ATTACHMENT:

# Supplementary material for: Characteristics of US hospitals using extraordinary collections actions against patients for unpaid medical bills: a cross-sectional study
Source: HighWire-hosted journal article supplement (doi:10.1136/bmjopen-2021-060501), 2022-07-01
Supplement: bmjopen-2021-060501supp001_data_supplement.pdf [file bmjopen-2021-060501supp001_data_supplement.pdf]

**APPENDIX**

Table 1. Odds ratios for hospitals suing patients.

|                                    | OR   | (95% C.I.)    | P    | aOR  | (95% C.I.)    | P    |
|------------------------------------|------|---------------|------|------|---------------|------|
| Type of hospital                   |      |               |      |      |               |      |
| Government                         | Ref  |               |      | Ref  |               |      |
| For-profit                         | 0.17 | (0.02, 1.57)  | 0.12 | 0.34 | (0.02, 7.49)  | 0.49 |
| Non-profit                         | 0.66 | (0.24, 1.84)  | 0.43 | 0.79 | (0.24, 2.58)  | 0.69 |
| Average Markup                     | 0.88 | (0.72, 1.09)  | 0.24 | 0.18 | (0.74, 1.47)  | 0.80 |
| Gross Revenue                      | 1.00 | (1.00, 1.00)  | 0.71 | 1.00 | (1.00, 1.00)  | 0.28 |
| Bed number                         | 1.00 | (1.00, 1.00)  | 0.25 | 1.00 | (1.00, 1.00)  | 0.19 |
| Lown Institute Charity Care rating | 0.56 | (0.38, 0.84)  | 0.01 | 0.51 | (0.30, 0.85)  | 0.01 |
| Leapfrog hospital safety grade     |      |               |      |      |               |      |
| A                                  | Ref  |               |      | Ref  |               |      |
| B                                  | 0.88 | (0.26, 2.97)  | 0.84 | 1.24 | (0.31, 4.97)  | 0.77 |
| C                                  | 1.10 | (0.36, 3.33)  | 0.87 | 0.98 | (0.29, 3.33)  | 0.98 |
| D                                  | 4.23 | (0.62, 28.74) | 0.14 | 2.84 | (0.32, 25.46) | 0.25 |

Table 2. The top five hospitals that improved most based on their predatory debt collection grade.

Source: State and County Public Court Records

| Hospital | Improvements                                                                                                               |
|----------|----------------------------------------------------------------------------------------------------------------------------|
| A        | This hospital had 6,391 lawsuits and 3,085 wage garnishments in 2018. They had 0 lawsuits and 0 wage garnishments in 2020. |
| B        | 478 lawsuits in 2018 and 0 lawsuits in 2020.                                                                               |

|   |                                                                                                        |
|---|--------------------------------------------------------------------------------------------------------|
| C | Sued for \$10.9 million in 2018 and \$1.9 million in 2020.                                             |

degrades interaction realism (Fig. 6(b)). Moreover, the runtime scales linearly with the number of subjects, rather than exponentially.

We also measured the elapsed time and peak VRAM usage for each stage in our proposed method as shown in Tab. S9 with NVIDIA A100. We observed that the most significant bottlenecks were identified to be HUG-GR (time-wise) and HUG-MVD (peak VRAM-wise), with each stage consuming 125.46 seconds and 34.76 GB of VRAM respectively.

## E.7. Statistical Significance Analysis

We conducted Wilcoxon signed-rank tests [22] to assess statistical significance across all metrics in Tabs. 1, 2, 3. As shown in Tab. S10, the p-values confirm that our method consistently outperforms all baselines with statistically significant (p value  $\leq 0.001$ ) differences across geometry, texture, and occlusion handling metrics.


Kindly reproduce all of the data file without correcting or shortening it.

# Supplementary material for: Characteristics of US hospitals using extraordinary collections actions against patients for unpaid medical bills: a cross-sectional study
Source: HighWire-hosted journal article supplement (doi:10.1136/bmjopen-2021-060501), 2022-07-01
Supplement: bmjopen-2021-060501supp001_data_supplement.pdf [file bmjopen-2021-060501supp001_data_supplement.pdf]

**APPENDIX**

Table 1. Odds ratios for hospitals suing patients.

|                                    | OR   | (95% C.I.)    | P    | aOR  | (95% C.I.)    | P    |
|------------------------------------|------|---------------|------|------|---------------|------|
| Type of hospital                   |      |               |      |      |               |      |
| Government                         | Ref  |               |      | Ref  |               |      |
| For-profit                         | 0.17 | (0.02, 1.57)  | 0.12 | 0.34 | (0.02, 7.49)  | 0.49 |
| Non-profit                         | 0.66 | (0.24, 1.84)  | 0.43 | 0.79 | (0.24, 2.58)  | 0.69 |
| Average Markup                     | 0.88 | (0.72, 1.09)  | 0.24 | 0.18 | (0.74, 1.47)  | 0.80 |
| Gross Revenue                      | 1.00 | (1.00, 1.00)  | 0.71 | 1.00 | (1.00, 1.00)  | 0.28 |
| Bed number                         | 1.00 | (1.00, 1.00)  | 0.25 | 1.00 | (1.00, 1.00)  | 0.19 |
| Lown Institute Charity Care rating | 0.56 | (0.38, 0.84)  | 0.01 | 0.51 | (0.30, 0.85)  | 0.01 |
| Leapfrog hospital safety grade     |      |               |      |      |               |      |
| A                                  | Ref  |               |      | Ref  |               |      |
| B                                  | 0.88 | (0.26, 2.97)  | 0.84 | 1.24 | (0.31, 4.97)  | 0.77 |
| C                                  | 1.10 | (0.36, 3.33)  | 0.87 | 0.98 | (0.29, 3.33)  | 0.98 |
| D                                  | 4.23 | (0.62, 28.74) | 0.14 | 2.84 | (0.32, 25.46) | 0.25 |

Table 2. The top five hospitals that improved most based on their predatory debt collection grade.

Source: State and County Public Court Records

| Hospital | Improvements                                                                                                               |
|----------|----------------------------------------------------------------------------------------------------------------------------|
| A        | This hospital had 6,391 lawsuits and 3,085 wage garnishments in 2018. They had 0 lawsuits and 0 wage garnishments in 2020. |
| B        | 478 lawsuits in 2018 and 0 lawsuits in 2020.                                                                               |

|   |                                                                                                        |
|---|--------------------------------------------------------------------------------------------------------|
| C | Sued for \$10.9 million in 2018 and \$1.9 million in 2020.                                             |

degrades interaction realism (Fig. 6(b)). Moreover, the runtime scales linearly with the number of subjects, rather than exponentially.

We also measured the elapsed time and peak VRAM usage for each stage in our proposed method as shown in Tab. S9 with NVIDIA A100. We observed that the most significant bottlenecks were identified to be HUG-GR (time-wise) and HUG-MVD (peak VRAM-wise), with each stage consuming 125.46 seconds and 34.76 GB of VRAM respectively.

## E.7. Statistical Significance Analysis

We conducted Wilcoxon signed-rank tests [22] to assess statistical significance across all metrics in Tabs. 1, 2, 3. As shown in Tab. S10, the p-values confirm that our method consistently outperforms all baselines with statistically significant (p value  $\leq 0.001$ ) differences across geometry, texture, and occlusion handling metrics.